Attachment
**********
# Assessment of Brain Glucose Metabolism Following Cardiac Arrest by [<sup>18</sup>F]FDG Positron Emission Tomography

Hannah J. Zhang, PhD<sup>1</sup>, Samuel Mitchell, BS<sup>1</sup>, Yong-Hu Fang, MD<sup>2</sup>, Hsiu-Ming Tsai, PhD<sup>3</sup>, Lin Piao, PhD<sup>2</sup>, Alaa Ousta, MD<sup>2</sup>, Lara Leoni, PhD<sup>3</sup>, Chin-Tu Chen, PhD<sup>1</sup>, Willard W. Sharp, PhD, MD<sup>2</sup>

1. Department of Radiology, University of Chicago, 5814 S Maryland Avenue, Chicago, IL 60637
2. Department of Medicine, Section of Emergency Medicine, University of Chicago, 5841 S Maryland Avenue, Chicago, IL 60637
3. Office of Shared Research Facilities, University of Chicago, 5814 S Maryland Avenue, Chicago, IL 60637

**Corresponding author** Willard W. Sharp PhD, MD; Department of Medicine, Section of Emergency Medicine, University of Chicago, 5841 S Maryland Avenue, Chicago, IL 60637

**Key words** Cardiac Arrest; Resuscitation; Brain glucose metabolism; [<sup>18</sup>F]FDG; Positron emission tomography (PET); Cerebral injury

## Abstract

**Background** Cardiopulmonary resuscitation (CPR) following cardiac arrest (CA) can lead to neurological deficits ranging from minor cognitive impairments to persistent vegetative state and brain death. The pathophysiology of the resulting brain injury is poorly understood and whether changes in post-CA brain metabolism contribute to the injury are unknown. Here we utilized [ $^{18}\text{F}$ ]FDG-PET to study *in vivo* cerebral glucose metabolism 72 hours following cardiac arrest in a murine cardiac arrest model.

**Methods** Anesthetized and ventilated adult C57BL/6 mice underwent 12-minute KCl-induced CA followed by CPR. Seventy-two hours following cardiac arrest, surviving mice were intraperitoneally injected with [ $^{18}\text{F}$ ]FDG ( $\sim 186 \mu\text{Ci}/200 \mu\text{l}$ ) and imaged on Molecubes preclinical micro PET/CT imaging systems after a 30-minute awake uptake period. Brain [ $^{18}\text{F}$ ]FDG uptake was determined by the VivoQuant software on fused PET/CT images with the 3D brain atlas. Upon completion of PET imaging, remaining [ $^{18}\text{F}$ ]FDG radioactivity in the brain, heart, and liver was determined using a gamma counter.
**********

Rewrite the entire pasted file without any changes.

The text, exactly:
# Assessment of Brain Glucose Metabolism Following Cardiac Arrest by [<sup>18</sup>F]FDG Positron Emission Tomography

Hannah J. Zhang, PhD<sup>1</sup>, Samuel Mitchell, BS<sup>1</sup>, Yong-Hu Fang, MD<sup>2</sup>, Hsiu-Ming Tsai, PhD<sup>3</sup>, Lin Piao, PhD<sup>2</sup>, Alaa Ousta, MD<sup>2</sup>, Lara Leoni, PhD<sup>3</sup>, Chin-Tu Chen, PhD<sup>1</sup>, Willard W. Sharp, PhD, MD<sup>2</sup>

1. Department of Radiology, University of Chicago, 5814 S Maryland Avenue, Chicago, IL 60637
2. Department of Medicine, Section of Emergency Medicine, University of Chicago, 5841 S Maryland Avenue, Chicago, IL 60637
3. Office of Shared Research Facilities, University of Chicago, 5814 S Maryland Avenue, Chicago, IL 60637

**Corresponding author** Willard W. Sharp PhD, MD; Department of Medicine, Section of Emergency Medicine, University of Chicago, 5841 S Maryland Avenue, Chicago, IL 60637

**Key words** Cardiac Arrest; Resuscitation; Brain glucose metabolism; [<sup>18</sup>F]FDG; Positron emission tomography (PET); Cerebral injury

## Abstract

**Background** Cardiopulmonary resuscitation (CPR) following cardiac arrest (CA) can lead to neurological deficits ranging from minor cognitive impairments to persistent vegetative state and brain death. The pathophysiology of the resulting brain injury is poorly understood and whether changes in post-CA brain metabolism contribute to the injury are unknown. Here we utilized [ $^{18}\text{F}$ ]FDG-PET to study *in vivo* cerebral glucose metabolism 72 hours following cardiac arrest in a murine cardiac arrest model.

**Methods** Anesthetized and ventilated adult C57BL/6 mice underwent 12-minute KCl-induced CA followed by CPR. Seventy-two hours following cardiac arrest, surviving mice were intraperitoneally injected with [ $^{18}\text{F}$ ]FDG ( $\sim 186 \mu\text{Ci}/200 \mu\text{l}$ ) and imaged on Molecubes preclinical micro PET/CT imaging systems after a 30-minute awake uptake period. Brain [ $^{18}\text{F}$ ]FDG uptake was determined by the VivoQuant software on fused PET/CT images with the 3D brain atlas. Upon completion of PET imaging, remaining [ $^{18}\text{F}$ ]FDG radioactivity in the brain, heart, and liver was determined using a gamma counter.